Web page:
Thursday, January 1, 2015

Piper PA-28-181 Arrow III, N2558M: Accident occurred December 30, 2014 near Vaughn Municipal Airport (N17), New Mexico

NTSB Identification: CEN15FA092 
14 CFR Part 91: General Aviation
Accident occurred Tuesday, December 30, 2014 in Vaughn, NM
Probable Cause Approval Date: 09/08/2015
Aircraft: PIPER PA 28-181, registration: N2558M
Injuries: 2 Fatal.

NTSB investigators either traveled in support of this investigation or conducted a significant amount of investigative work without any travel, and used data obtained from various sources to prepare this aircraft accident report.

The operator reported that the noninstrument-rated pilot departed on a cross-country flight in the airplane after topping off the fuel tanks. Radar data and fuel records revealed that, about 3 hours later, the airplane stopped at an airport and was fueled. The airplane subsequently departed and flew toward the pilot’s destination airport for about 30 miles, but it then returned to the same airport to be fueled again. The airplane subsequently departed again and flew toward the destination airport. Radar data showed that the airplane then climbed to 10,500 ft mean sea level but that it subsequently began to descend; the last radar return showed the airplane at 7,100 ft msl. The airplane was reported missing when it did not arrive at the destination. A subsequent search was conducted, and the airplane’s emergency locator transmitter signal was used to find the wreckage. The airplane had impacted rising terrain in a level flight attitude. An examination of the wreckage did not reveal any preimpact anomalies that would have precluded normal operation. Witness marks and bending found on the propeller were consistent with the engine producing power at the time of impact.

Multiple weather sources showed that instrument meteorological conditions existed along the route of flight and that these were reported before the accident airplane departed. Additionally, the freezing level was at the surface, and moderate turbulence was expected from the surface through 24,000 ft. Pilots flying in the area around the time of the accident confirmed the presence of turbulence and/or mountain-wave conditions, and they indicated the presence of icing in the clouds with cloud tops near 9,000 ft. Further, no moonlight was present during the flight. No record was found indicating that the pilot received a formal preflight weather briefing; if the pilot had received a formal weather briefing, he would have been made aware of the weather conditions along the route of flight. Although the investigation could not determine what weather information the pilot might have reviewed before departure, his decision to conduct the flight in poor weather conditions was indicative of poor decision-making. The evidence is consistent with the noninstrument-rated pilot flying at night in instrument conditions while likely attempting to fly under the clouds when the airplane hit rising terrain.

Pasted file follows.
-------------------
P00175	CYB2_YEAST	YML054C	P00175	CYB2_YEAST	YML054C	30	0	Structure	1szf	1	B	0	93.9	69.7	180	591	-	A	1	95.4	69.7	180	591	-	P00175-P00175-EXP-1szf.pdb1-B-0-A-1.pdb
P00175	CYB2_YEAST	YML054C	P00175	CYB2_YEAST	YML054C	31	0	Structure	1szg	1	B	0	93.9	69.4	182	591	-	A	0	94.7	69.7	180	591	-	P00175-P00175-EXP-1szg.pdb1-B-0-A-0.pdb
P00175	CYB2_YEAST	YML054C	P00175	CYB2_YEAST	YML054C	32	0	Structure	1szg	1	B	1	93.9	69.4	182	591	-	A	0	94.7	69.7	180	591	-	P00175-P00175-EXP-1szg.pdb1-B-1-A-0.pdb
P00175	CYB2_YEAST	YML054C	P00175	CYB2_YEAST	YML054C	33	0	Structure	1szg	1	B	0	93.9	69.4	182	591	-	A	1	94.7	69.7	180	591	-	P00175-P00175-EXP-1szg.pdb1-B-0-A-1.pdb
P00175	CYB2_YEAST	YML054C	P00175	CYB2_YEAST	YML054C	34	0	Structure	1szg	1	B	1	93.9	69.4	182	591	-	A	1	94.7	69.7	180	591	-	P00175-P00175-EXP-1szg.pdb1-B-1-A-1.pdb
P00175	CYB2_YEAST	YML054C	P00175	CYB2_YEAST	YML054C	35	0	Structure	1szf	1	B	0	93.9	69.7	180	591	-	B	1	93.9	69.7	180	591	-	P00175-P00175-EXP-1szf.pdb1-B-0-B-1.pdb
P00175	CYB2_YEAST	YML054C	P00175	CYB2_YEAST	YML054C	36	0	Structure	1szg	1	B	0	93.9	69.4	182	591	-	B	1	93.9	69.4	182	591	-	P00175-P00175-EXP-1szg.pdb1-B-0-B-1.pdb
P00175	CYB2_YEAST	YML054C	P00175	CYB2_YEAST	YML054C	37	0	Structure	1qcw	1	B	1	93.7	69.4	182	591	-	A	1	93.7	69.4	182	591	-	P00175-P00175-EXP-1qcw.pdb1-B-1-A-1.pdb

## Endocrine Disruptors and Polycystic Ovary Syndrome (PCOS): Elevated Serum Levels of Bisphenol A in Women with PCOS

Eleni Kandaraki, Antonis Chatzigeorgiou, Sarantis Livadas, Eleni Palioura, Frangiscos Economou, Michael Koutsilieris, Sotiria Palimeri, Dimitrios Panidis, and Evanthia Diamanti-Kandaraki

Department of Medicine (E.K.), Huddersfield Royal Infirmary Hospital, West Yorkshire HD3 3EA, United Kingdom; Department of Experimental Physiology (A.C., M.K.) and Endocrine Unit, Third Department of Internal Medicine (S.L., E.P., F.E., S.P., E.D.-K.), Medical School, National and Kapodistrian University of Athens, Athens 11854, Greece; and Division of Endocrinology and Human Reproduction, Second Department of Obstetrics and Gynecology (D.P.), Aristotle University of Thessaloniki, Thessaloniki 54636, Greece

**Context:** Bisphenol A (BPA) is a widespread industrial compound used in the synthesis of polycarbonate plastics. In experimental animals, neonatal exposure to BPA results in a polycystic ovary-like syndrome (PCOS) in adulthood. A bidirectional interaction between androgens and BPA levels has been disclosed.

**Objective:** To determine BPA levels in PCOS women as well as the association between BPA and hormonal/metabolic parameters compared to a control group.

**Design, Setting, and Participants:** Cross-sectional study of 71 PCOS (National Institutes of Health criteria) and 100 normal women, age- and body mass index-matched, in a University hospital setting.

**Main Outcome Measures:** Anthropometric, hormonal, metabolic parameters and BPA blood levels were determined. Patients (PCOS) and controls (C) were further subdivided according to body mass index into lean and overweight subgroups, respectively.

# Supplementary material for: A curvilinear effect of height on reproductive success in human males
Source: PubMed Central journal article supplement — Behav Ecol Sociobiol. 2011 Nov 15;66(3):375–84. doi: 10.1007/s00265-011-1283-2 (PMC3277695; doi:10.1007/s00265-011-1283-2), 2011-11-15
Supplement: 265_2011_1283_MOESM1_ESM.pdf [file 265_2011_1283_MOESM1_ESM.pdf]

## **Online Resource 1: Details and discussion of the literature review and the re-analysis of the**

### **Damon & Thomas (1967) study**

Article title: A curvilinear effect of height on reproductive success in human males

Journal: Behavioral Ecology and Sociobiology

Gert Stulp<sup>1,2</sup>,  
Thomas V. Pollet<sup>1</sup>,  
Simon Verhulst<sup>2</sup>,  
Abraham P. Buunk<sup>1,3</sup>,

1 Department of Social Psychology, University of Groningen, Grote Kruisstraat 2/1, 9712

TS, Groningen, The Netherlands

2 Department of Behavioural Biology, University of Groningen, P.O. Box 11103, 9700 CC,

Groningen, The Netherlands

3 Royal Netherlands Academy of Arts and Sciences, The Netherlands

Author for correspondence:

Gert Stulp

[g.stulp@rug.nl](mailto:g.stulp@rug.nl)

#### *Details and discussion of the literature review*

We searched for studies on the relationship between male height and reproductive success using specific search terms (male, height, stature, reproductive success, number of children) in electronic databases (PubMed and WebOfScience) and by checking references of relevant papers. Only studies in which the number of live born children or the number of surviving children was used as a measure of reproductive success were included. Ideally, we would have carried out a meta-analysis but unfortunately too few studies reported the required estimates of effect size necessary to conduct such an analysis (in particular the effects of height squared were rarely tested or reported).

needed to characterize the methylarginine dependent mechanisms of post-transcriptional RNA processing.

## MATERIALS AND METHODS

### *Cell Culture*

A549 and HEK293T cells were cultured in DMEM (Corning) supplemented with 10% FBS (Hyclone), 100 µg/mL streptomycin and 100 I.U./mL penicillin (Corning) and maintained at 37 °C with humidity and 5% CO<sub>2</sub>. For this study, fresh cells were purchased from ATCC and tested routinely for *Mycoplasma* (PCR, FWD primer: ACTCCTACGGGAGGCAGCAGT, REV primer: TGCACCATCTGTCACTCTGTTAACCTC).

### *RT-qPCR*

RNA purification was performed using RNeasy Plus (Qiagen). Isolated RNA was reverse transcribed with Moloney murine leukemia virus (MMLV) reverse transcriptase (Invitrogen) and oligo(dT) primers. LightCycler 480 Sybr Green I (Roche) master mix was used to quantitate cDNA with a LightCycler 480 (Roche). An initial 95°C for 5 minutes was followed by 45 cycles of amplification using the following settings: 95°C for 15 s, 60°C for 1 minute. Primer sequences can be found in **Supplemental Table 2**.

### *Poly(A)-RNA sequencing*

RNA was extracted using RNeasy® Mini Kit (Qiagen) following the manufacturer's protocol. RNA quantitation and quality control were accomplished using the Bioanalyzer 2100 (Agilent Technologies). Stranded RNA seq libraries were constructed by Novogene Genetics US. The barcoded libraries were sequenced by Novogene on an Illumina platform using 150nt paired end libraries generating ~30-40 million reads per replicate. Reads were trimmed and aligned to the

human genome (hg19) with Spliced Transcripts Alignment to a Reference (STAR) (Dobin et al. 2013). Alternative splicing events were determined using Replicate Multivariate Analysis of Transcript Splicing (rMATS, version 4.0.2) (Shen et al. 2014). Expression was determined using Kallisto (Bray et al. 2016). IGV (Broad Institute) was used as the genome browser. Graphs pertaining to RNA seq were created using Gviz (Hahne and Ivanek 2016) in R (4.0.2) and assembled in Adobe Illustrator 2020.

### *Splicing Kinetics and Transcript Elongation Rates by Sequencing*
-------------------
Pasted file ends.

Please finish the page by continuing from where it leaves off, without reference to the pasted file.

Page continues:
Toxicological testing of the pilot detected tetrahydrocannabinol (THC). However, the investigation could not determine if the pilot was impaired from the THC before or during the accident flight.

The National Transportation Safety Board determines the probable cause(s) of this accident as follows:
The noninstrument-rated pilot’s continued flight into night instrument meteorological conditions, which resulted in his failure to maintain clearance from terrain. 

HISTORY OF FLIGHT

On December 30, 2014, about 0330 mountain standard time, a Piper PA-28-181 airplane, N2558M, impacted terrain during a descent near Vaughn, New Mexico. The private pilot and one passenger were fatally injured. The airplane sustained substantial damage. The airplane was registered to the pilot and operated by Pilot's Choice Aviation, Inc., under the provisions of 14 Code of Federal Regulations Part 91 as a personal flight. Night instrument flight rules (IFR) conditions prevailed in the area for the flight, which did not operate on a flight plan. The flight originated from the Lamesa Municipal Airport (2F5), near Lamesa, Texas, about 0140, and was destined for Albuquerque, New Mexico.

According to the operator, a renter flew the accident airplane cross country from the Georgetown Municipal Airport (GTU), near Georgetown, Texas, to the Boerne Stage Field Airport (5C1), near San Antonio, Texas. Radar data showed the flight departed GTU about 0859 mountain standard time, on December 29, 2014, and arrived at 5C1 about 0937, on December 29, 2014. Radar data showed the airplane departed from 5C1 about 1310, on December 29, 2014, and returned to GTU about 1345.

The operator reported that the owner subsequently flew the airplane on December 29, 2014, after this cross country flight. The pilot indicated to the operator that he intended to fly to Albuquerque, New Mexico. Prior to the accident flight, the operator serviced the airplane with one quart of oil, made sure additional quarts of oil were in the airplane for the flight, and topped off the fuel tanks with fuel. Airplane dispatch paperwork for the flight indicated the current tachometer time was 5,925.87 hours.